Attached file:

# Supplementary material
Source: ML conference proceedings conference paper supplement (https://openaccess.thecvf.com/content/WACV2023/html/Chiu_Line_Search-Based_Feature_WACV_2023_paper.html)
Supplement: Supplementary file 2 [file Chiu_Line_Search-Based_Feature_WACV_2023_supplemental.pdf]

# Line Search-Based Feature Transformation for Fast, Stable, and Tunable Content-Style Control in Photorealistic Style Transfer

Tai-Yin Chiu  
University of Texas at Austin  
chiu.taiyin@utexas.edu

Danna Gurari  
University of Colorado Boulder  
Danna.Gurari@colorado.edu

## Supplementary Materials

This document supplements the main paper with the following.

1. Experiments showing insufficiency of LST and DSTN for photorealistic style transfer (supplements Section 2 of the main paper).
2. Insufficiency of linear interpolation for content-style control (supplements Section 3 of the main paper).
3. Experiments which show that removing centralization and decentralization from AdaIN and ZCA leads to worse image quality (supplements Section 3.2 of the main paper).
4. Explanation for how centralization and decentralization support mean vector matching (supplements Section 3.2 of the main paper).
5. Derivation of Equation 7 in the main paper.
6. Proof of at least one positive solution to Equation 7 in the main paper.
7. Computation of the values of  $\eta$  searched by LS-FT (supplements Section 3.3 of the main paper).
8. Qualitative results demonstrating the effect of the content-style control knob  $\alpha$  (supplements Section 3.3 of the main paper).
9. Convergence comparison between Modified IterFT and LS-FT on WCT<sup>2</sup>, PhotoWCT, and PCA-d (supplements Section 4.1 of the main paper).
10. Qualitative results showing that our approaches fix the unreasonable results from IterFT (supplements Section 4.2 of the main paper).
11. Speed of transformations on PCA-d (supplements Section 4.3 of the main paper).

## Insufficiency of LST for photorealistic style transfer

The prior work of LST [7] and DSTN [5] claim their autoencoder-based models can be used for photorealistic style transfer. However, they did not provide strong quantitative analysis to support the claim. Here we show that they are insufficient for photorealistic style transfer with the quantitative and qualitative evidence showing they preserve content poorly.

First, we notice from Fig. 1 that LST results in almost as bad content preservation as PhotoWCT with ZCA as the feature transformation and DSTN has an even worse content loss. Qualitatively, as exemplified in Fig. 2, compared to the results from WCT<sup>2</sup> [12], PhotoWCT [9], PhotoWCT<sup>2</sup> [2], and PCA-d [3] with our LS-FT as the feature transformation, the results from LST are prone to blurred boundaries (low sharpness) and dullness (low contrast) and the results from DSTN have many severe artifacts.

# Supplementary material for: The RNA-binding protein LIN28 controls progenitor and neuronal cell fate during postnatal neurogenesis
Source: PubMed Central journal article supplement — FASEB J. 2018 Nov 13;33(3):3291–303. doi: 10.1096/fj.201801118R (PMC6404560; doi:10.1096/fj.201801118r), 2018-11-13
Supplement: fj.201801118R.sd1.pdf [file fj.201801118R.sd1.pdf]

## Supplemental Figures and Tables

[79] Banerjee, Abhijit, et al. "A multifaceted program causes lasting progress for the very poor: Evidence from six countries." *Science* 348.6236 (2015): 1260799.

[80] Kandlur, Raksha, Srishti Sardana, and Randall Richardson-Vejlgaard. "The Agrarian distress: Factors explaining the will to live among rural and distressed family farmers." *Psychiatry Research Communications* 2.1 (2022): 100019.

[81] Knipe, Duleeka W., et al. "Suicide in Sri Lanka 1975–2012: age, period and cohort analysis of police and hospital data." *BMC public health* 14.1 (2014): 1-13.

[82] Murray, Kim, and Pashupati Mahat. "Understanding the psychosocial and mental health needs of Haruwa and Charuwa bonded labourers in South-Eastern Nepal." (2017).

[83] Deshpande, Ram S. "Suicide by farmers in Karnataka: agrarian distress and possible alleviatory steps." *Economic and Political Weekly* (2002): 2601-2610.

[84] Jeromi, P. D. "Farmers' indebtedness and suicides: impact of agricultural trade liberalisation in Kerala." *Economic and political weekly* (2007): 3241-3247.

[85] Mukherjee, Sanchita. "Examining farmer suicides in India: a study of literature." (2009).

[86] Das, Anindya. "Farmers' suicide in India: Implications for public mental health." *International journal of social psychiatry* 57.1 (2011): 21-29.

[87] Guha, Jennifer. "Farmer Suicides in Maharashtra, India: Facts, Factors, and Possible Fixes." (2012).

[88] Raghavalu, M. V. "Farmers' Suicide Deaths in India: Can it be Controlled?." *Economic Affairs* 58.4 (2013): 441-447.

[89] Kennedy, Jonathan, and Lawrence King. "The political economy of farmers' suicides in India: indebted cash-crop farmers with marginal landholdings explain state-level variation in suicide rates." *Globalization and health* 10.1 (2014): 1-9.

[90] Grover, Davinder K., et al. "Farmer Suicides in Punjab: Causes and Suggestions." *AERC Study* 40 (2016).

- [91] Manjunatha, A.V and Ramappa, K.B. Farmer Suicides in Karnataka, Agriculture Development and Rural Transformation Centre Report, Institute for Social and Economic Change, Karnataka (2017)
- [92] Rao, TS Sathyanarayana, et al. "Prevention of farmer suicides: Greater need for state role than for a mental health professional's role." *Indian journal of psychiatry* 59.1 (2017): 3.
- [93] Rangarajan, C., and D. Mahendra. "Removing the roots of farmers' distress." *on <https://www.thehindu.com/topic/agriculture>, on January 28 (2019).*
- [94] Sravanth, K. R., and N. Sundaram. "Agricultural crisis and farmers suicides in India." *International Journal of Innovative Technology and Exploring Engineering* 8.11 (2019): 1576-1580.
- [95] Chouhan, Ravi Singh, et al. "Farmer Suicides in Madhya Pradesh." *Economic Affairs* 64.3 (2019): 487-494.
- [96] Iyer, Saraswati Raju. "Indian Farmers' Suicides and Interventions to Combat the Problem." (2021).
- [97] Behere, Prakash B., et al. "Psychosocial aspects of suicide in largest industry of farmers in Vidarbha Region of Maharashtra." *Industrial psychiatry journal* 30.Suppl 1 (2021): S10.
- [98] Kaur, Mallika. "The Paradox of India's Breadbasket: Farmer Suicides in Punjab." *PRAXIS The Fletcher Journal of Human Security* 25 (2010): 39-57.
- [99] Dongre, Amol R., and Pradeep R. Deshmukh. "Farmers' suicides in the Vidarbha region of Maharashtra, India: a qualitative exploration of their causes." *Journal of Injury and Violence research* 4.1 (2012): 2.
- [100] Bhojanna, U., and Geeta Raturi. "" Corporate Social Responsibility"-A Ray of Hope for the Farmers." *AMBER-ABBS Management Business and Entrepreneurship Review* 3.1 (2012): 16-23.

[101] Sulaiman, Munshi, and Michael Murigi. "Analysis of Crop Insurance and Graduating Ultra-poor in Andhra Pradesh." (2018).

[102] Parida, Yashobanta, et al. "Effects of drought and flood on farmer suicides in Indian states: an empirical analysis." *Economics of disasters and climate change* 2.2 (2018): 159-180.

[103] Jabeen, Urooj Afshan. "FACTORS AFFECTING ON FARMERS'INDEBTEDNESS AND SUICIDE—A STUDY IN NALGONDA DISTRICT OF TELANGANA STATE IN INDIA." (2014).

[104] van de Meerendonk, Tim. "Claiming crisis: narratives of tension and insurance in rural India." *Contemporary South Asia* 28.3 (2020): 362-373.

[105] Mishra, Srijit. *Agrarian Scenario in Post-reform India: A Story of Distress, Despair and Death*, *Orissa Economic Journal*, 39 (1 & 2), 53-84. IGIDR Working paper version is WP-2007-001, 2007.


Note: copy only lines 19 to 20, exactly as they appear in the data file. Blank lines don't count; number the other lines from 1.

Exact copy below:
7. Computation of the values of  $\eta$  searched by LS-FT (supplements Section 3.3 of the main paper).
8. Qualitative results demonstrating the effect of the content-style control knob  $\alpha$  (supplements Section 3.3 of the main paper).